January 27, 2020

Is there really a biologically evolved capacity for number? Quantical vs. numerical cognition and the biological enculturation hypothesis

Rafael Nuñez, University of California San Diego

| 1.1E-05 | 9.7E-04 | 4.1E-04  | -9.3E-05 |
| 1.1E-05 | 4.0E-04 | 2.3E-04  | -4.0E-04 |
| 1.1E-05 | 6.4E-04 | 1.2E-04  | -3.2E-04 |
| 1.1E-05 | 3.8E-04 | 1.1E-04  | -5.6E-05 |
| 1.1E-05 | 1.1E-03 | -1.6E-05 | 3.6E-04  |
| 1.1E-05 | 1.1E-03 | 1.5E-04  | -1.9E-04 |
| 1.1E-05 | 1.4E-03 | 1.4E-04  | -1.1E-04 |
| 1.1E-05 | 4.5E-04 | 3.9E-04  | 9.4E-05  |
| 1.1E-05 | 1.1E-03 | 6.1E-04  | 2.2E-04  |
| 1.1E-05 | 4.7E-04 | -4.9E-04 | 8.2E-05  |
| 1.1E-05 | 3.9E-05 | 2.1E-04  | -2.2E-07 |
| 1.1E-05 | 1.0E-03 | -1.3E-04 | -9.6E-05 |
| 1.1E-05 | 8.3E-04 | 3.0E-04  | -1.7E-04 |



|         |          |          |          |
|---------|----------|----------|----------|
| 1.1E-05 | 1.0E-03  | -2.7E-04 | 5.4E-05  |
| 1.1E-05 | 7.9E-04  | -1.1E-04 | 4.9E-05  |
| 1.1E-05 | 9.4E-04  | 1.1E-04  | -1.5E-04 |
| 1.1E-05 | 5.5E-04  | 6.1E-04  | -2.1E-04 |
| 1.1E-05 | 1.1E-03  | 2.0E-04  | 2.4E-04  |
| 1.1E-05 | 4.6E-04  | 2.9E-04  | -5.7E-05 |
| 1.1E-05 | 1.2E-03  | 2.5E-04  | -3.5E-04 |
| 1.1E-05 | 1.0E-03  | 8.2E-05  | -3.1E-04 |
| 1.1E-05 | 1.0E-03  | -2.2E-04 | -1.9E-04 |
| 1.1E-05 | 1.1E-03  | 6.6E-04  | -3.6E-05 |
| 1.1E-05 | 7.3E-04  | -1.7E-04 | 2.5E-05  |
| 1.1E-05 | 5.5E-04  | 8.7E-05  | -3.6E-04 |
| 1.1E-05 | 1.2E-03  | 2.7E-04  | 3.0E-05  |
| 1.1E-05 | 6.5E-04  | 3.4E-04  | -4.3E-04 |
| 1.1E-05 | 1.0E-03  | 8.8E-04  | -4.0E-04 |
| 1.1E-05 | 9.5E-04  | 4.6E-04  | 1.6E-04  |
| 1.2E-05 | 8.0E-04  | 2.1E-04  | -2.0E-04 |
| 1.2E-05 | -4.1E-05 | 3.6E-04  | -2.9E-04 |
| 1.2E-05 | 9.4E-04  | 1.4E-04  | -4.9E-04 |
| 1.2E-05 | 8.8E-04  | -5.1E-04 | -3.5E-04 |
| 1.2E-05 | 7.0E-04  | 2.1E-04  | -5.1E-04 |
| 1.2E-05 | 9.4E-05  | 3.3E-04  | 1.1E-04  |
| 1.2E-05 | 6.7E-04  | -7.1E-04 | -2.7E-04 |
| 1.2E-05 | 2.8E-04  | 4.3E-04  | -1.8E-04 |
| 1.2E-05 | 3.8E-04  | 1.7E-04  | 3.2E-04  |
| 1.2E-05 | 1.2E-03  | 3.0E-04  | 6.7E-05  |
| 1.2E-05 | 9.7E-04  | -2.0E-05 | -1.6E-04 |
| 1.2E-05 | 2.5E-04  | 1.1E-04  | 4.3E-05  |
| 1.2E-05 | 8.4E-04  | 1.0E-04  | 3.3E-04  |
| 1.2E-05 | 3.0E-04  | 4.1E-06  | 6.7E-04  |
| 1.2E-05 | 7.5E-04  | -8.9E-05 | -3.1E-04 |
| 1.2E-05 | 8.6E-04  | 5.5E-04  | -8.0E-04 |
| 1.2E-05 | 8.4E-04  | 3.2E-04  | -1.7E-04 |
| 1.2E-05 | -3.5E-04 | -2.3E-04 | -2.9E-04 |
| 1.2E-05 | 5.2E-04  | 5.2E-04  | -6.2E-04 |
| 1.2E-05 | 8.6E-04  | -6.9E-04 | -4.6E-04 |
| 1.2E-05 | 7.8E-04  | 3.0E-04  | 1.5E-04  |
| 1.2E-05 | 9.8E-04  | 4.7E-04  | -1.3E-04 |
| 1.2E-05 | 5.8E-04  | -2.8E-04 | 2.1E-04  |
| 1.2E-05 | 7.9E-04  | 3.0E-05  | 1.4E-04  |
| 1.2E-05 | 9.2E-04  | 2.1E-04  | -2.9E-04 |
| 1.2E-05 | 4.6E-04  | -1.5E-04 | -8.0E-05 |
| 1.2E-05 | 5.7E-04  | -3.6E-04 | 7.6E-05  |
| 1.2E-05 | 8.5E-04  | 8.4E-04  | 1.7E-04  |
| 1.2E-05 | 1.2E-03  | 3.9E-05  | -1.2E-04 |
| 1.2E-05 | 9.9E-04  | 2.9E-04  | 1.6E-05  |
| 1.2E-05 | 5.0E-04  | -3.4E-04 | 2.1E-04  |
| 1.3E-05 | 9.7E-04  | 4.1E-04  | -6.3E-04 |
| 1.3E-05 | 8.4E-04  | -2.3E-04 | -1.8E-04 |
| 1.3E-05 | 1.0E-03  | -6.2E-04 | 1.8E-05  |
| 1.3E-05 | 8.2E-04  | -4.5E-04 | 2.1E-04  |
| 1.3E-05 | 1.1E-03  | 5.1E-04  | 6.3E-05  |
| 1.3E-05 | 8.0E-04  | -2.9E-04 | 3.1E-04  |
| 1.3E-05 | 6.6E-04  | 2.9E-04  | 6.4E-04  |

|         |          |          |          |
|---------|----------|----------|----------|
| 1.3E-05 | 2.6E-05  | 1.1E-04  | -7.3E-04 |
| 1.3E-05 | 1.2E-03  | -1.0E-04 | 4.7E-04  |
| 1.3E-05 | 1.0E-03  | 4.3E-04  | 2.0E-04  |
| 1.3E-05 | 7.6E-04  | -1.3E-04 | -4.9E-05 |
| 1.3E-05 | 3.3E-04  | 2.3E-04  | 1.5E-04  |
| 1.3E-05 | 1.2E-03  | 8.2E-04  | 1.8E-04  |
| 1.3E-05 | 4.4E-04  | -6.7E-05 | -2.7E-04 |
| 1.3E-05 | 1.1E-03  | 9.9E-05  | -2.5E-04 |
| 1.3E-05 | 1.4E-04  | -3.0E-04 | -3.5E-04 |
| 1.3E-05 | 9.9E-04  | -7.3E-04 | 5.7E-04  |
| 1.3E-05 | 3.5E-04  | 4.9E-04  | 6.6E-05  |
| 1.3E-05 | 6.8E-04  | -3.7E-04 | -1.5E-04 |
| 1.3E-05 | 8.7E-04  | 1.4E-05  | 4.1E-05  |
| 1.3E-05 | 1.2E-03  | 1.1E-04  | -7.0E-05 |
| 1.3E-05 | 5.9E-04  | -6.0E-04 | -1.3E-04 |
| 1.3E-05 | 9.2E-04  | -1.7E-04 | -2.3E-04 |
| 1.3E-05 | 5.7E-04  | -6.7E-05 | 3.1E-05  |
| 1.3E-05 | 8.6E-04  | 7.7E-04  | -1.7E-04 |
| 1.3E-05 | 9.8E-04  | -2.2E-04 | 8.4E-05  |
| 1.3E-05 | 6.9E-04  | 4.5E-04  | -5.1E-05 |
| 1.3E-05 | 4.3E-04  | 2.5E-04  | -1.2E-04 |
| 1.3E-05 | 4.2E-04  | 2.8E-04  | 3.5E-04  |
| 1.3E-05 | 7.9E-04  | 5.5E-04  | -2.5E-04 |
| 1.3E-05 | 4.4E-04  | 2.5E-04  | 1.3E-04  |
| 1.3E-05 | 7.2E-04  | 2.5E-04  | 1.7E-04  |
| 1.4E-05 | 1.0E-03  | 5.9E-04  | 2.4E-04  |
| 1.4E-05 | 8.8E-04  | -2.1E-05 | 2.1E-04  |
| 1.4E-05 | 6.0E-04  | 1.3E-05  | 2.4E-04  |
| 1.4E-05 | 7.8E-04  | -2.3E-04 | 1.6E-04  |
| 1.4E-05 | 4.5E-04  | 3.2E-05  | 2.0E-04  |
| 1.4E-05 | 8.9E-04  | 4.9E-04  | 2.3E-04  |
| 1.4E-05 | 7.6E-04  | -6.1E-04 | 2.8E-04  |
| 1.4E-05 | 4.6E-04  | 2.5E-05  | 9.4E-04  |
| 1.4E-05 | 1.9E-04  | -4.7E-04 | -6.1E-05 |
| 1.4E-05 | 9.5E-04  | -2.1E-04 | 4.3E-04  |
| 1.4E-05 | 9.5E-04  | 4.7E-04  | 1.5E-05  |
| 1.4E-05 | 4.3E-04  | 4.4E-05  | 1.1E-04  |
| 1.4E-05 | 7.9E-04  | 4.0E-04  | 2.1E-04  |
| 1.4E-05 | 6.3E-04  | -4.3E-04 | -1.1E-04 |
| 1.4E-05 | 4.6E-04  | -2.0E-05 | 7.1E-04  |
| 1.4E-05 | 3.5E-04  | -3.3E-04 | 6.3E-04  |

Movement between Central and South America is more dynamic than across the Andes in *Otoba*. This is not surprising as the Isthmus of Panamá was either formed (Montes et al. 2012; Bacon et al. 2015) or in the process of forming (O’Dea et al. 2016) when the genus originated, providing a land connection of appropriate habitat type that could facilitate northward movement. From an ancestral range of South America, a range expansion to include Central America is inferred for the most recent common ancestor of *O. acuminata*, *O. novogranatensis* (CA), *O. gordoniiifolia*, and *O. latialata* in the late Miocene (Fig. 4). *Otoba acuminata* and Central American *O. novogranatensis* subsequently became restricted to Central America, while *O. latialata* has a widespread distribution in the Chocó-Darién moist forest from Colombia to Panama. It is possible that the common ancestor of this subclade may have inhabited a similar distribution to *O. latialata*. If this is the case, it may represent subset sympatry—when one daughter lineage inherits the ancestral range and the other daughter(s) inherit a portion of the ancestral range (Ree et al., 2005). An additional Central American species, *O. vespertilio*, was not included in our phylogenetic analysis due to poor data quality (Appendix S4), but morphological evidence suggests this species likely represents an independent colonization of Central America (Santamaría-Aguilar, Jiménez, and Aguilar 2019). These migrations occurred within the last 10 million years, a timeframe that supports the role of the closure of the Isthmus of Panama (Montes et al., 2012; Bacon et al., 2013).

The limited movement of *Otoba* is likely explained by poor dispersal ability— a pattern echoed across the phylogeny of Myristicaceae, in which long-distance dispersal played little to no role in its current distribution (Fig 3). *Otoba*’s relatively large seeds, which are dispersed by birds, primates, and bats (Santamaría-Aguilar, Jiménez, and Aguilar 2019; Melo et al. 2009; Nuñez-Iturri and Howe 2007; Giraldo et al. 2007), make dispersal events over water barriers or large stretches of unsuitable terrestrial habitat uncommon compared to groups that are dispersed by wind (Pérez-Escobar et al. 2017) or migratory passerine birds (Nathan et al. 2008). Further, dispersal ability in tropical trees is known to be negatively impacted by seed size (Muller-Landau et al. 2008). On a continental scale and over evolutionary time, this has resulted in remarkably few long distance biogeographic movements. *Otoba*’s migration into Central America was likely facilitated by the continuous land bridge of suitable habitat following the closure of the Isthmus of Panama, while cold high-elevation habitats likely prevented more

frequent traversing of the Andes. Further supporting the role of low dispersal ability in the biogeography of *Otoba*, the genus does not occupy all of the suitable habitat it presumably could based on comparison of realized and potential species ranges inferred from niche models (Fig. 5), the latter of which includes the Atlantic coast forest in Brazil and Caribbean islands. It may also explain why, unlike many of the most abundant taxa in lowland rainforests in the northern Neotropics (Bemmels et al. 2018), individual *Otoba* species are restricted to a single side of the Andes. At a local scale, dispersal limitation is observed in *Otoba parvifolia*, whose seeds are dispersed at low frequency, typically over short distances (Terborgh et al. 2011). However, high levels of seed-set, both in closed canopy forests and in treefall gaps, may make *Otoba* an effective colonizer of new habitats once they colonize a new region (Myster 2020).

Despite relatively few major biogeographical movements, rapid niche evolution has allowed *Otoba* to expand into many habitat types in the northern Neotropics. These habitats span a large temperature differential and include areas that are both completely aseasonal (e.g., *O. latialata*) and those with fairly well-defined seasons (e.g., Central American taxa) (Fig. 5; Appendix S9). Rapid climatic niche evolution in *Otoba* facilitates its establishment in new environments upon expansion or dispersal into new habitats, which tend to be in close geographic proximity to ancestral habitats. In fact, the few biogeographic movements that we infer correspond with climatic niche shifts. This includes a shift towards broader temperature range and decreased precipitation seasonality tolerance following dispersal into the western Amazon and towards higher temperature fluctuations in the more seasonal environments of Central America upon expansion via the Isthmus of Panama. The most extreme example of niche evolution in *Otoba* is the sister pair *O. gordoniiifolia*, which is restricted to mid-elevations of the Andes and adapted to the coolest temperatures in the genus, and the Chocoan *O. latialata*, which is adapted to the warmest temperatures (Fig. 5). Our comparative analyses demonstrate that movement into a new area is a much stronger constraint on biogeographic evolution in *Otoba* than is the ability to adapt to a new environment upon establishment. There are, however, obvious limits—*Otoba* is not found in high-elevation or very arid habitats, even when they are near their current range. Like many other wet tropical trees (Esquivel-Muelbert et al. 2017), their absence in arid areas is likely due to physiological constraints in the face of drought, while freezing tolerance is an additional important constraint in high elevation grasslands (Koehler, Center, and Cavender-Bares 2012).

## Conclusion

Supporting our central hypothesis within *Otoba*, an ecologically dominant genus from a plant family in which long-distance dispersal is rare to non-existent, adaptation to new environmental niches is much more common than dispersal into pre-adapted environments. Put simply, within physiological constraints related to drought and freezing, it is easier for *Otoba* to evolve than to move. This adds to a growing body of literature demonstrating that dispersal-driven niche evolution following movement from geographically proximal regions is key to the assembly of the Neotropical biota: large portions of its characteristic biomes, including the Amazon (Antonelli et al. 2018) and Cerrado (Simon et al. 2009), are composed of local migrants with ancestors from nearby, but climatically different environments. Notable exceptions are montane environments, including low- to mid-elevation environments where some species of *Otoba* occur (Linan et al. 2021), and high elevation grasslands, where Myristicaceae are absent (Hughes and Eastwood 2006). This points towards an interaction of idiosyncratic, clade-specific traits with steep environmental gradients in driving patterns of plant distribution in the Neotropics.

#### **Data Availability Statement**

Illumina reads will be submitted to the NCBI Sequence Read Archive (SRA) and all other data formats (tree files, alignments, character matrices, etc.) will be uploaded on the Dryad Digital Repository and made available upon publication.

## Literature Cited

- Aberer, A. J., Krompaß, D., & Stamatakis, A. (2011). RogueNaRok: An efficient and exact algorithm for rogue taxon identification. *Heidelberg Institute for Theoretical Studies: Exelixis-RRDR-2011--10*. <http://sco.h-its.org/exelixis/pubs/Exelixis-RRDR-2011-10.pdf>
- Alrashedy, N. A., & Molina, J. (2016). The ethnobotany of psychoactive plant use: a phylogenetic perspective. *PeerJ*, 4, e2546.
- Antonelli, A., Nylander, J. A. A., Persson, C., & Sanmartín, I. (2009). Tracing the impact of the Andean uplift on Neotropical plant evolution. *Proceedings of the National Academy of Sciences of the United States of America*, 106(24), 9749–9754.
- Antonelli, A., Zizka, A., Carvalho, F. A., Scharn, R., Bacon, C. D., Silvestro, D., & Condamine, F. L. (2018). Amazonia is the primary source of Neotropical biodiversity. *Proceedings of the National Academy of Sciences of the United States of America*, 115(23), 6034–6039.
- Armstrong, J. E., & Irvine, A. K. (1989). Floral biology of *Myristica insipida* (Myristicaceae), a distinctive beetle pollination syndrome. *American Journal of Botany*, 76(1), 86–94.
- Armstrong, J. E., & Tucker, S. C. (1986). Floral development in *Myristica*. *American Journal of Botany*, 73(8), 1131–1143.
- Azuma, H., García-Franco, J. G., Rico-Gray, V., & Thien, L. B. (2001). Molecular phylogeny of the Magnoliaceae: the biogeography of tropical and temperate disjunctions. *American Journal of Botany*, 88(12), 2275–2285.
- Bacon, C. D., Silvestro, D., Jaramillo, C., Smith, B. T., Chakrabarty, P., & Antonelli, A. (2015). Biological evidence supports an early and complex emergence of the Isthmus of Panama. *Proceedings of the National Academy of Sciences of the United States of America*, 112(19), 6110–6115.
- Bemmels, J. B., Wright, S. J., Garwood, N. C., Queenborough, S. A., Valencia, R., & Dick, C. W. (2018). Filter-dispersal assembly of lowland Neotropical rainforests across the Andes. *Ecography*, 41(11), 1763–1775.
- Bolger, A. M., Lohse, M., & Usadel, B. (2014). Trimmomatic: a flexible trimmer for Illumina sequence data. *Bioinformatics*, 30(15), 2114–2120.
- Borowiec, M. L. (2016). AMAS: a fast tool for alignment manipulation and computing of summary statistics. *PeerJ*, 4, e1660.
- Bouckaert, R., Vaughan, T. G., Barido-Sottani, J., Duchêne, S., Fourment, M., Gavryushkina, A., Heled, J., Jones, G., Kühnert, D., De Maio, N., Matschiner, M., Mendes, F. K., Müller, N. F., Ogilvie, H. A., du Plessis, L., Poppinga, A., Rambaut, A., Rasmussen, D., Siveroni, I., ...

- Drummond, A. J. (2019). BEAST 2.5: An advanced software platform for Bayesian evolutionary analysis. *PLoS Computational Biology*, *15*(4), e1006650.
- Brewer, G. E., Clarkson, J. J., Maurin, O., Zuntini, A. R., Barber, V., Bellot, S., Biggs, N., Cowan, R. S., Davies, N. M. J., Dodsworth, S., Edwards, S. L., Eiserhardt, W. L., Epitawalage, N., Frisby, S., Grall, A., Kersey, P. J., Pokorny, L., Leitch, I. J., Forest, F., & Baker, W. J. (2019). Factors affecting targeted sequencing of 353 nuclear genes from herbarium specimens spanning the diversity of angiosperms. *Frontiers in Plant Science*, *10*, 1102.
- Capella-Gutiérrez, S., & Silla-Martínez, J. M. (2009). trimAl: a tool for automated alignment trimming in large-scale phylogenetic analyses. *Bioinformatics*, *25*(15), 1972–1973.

Is there a biologically endowed capacity specific for number and arithmetic? A widely accepted view in cognitive neuroscience, child psychology, and animal cognition gives an unproblematic ‘yes’ for an answer to this question, claiming that there is a biologically evolved capacity specific for number and arithmetic that humans share with other species. However, data from various sources—humans from non-industrialized cultures, trained nonhuman animals in captivity, and the neuroscience of symbol processing in schooled participants—do not support this view. The use of loose and misleading technical terminology in the field of “numerical cognition” has facilitated the elaboration of teleological arguments which underlie the above view. To understand this, a crucial distinction between quantical and numerical cognition is necessary: Biologically evolved preconditions (BEPs) for quantification do exist (quantical cognition), but the emergence of exact symbolic quantification and arithmetic proper (numerical cognition)—absent in nonhuman animals—has materialized via cultural preoccupations and practices that are supported by language and symbolic reference—crucial dimensions that lie largely outside natural selection. In this talk I’ll discuss the biological enculturation hypothesis, which attempts to explain the complex passage from quantical to numerical cognition.

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